Nighttime lighting affects guppies' daytime behaviour

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Nighttime lighting affects guppies' daytime behaviour

September 23, 2018 - 06:08
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For marine animals, streetlights, harbour light, and lights from boats are some sources of light pollution at night. Studies have shown fish to become disoriented when swimming near lights at night, and the timing of their migration and schooling behaviour have also been shown to be affected. A new study takes a look at how nighttime lighting affects guppies.

Being exposed to light during the night can affect guppies' behaviour. (These are not the guppies involved in the study)

Being exposed to light during the night can cause changes in the behaviour of guppies, according to a new study published in the Scientific Reports journal.

Led by researchers at the Leibniz-Institute of Freshwater Ecology and Inland Fisheries (IGB) and the Max Planck Institute (MPI) for Human Development, the study comprises guppies that were divided into three groups.

One group were placed in total darkness during the night; the second group was exposed to dim lighting (similar in strength to that of a street light; the third group received bright lighting during the night. During the day, all the fish were exposed to the same bright-light conditions.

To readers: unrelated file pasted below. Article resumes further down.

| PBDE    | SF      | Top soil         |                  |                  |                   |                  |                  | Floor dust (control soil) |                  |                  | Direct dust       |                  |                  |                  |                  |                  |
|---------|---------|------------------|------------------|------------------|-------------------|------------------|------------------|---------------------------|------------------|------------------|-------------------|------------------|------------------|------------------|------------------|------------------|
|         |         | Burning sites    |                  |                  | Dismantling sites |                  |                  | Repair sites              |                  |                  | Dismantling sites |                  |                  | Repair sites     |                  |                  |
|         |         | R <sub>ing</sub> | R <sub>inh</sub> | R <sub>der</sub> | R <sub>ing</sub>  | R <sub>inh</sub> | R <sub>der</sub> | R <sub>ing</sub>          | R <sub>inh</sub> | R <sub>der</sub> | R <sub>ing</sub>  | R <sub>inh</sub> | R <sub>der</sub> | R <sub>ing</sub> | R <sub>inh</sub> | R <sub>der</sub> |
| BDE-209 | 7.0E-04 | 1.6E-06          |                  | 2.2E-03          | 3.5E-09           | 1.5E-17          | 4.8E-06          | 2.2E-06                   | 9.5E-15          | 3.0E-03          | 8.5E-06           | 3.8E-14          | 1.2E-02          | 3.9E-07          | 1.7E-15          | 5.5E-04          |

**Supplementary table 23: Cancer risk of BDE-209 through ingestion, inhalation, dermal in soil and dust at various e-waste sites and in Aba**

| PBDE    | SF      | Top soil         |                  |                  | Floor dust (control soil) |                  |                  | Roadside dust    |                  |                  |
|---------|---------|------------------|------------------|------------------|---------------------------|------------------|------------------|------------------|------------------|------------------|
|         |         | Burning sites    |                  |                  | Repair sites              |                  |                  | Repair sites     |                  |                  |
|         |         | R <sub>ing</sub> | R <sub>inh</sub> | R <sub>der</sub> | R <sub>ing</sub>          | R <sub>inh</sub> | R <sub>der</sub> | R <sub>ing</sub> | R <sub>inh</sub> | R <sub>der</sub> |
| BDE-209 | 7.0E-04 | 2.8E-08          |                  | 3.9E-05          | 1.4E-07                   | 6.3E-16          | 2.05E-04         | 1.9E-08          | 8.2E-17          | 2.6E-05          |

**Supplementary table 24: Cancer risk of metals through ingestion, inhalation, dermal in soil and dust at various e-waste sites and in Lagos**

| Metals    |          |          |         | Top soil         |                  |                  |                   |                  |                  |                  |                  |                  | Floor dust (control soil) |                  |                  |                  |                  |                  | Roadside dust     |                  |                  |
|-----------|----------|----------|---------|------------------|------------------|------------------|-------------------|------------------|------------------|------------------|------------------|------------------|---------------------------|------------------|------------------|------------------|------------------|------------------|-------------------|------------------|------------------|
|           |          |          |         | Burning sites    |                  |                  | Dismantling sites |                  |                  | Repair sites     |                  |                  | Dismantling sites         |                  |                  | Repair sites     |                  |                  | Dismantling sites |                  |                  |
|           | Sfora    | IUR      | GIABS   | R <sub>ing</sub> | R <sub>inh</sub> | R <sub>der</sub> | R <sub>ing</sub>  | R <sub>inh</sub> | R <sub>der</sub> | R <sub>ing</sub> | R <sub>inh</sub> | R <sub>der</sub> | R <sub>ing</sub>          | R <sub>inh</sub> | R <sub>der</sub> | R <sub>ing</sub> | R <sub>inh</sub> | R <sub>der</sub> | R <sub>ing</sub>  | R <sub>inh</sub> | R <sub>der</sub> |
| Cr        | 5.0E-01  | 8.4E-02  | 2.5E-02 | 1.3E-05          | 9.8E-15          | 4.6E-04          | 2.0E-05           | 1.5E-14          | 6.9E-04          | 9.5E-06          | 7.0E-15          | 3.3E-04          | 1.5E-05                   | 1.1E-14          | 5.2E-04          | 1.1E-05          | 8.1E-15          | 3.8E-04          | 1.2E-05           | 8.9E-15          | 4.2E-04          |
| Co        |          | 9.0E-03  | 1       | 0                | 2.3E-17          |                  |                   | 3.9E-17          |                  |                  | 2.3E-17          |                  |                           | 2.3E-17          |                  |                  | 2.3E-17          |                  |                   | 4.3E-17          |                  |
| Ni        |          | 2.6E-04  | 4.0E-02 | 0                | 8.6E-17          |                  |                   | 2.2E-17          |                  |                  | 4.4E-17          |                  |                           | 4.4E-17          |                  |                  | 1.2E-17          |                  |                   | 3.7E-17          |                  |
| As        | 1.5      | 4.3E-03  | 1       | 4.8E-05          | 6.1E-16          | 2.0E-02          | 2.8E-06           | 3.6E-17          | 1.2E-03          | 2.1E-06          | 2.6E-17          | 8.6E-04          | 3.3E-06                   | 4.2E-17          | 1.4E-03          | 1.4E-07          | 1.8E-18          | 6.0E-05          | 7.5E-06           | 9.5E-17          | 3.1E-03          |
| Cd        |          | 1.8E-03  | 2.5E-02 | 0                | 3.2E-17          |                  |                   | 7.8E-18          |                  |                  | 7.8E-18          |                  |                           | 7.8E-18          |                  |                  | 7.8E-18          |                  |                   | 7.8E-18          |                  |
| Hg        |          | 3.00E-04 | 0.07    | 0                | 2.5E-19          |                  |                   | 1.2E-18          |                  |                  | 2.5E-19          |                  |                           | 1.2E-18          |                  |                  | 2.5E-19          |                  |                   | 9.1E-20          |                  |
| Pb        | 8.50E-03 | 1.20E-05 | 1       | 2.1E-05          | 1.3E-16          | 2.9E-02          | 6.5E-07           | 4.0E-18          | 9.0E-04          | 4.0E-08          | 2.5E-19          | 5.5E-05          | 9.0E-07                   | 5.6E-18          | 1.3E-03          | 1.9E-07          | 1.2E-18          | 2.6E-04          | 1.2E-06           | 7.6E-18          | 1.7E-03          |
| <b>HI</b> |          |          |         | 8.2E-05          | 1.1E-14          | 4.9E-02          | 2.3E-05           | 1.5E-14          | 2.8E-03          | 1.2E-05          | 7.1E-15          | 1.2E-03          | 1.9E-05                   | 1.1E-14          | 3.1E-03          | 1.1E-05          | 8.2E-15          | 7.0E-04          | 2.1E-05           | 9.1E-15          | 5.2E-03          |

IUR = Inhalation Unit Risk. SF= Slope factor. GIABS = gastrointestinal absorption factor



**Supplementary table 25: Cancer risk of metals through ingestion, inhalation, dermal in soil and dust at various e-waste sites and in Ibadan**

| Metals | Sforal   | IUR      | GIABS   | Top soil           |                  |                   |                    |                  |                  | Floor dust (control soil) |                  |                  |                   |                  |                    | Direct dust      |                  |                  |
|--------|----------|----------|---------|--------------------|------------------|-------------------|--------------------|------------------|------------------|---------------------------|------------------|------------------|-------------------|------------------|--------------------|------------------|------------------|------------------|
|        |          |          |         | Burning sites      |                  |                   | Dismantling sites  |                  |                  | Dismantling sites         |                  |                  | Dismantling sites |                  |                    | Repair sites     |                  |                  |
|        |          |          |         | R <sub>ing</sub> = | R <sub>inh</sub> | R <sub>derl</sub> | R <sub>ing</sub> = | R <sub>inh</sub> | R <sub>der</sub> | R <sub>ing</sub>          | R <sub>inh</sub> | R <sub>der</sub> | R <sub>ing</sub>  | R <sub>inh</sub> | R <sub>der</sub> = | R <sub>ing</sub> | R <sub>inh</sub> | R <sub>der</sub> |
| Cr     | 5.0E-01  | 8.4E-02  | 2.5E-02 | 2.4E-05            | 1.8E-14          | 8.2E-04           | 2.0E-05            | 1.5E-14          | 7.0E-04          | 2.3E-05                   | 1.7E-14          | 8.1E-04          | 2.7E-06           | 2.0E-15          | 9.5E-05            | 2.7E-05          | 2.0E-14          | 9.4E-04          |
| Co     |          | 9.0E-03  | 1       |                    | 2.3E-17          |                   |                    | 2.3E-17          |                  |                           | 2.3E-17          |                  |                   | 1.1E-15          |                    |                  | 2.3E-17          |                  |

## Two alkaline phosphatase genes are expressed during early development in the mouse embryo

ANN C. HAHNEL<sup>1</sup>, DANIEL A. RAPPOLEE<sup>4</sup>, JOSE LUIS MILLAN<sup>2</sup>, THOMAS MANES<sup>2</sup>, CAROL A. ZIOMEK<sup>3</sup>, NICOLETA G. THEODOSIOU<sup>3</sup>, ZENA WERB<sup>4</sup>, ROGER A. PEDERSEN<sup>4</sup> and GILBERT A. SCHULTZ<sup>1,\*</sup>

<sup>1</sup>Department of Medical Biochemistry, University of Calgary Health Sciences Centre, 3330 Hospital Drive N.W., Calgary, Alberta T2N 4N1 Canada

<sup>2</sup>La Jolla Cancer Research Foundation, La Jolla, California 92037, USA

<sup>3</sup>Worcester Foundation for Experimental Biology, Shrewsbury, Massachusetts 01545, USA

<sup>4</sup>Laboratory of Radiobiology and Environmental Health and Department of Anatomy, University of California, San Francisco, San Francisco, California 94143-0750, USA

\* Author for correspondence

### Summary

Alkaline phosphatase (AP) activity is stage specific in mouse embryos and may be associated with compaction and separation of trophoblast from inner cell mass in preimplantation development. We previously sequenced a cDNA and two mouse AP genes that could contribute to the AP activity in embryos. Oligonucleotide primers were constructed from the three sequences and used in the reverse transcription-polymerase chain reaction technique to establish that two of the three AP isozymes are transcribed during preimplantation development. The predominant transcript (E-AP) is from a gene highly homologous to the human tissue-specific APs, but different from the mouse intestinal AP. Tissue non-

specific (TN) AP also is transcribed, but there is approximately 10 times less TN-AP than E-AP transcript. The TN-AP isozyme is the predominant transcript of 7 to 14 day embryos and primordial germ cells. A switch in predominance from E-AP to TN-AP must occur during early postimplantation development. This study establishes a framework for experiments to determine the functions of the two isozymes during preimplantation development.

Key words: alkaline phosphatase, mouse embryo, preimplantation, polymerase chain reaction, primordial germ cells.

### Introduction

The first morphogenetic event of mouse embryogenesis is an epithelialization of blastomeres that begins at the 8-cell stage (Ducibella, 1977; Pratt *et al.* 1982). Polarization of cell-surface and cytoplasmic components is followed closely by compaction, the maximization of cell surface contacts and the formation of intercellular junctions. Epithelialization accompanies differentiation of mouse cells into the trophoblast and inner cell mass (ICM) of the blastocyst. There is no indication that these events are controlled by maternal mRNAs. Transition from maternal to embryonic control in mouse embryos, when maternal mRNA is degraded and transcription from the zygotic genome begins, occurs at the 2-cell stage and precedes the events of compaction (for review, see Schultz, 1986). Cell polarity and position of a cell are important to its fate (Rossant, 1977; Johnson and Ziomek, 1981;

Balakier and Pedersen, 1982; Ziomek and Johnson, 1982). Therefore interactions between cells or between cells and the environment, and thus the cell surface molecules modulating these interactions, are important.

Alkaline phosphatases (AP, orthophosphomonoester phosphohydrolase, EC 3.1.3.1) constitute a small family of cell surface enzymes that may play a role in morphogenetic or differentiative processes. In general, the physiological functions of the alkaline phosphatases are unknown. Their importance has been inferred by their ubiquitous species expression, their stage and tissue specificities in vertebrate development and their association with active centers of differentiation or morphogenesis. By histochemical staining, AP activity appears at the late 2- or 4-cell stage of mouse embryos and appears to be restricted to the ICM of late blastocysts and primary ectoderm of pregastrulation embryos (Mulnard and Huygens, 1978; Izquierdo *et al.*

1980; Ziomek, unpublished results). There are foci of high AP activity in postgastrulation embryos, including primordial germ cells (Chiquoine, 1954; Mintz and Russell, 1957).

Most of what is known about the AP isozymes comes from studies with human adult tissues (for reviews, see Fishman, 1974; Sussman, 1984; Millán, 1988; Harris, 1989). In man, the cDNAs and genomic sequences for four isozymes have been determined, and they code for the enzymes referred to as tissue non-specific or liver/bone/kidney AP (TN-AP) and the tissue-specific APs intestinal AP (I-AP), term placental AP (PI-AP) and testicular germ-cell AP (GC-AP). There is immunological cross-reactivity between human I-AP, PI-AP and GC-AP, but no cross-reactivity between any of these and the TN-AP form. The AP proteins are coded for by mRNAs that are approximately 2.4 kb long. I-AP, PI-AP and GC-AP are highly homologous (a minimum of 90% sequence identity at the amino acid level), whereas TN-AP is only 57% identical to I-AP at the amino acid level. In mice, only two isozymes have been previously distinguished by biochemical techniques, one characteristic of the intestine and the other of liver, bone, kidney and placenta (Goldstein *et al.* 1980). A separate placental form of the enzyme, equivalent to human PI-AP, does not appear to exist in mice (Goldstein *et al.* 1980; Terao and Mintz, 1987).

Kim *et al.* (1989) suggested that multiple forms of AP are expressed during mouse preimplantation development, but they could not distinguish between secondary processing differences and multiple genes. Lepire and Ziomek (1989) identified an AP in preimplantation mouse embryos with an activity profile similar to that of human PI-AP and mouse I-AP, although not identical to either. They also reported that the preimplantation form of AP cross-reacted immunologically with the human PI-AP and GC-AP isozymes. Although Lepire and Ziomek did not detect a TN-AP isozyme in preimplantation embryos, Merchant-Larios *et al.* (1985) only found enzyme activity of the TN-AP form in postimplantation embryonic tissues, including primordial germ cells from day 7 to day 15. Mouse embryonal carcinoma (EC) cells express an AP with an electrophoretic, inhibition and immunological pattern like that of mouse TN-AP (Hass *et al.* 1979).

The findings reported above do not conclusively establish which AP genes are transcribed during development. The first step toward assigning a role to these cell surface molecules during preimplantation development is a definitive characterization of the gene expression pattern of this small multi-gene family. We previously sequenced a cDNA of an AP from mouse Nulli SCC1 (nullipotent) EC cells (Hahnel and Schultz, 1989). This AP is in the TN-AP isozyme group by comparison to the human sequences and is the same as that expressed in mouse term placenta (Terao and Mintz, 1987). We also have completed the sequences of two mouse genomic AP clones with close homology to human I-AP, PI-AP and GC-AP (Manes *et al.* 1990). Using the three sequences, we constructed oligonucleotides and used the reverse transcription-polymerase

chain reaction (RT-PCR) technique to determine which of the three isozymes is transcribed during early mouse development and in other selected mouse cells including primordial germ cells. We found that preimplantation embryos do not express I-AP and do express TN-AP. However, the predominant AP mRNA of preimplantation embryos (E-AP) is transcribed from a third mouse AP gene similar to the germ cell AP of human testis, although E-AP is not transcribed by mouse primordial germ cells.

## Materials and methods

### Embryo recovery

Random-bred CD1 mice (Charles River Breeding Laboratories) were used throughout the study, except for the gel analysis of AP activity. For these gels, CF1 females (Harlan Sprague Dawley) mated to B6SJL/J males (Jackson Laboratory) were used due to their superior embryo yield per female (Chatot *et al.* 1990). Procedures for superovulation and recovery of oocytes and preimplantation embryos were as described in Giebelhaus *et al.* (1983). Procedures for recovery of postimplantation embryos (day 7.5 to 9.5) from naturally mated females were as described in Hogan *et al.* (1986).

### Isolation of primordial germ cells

After ten weeks, the fish's behaviour was assessed. It was found that the groups of fish that were exposed to light during the night—be it dim or bright—were more likely to engage in risky behaviour; they were more active at night, "left their hiding places faster during the day and swam more often in the riskier, open areas of the aquarium," according to the Institute's press release. There was no change in swimming ability or social behaviour.

"We suspect that the nocturnal light causes a stress response in the fish, and fish generally increase their risk taking when experiencing stress", said lead author Ralf Kurvers, from the MPI for Human Development.

The consequences in this behavioural change may cause the fish to be more prone to being preyed upon by birds and other fish, said co-author IGB researcher David Bierbach.

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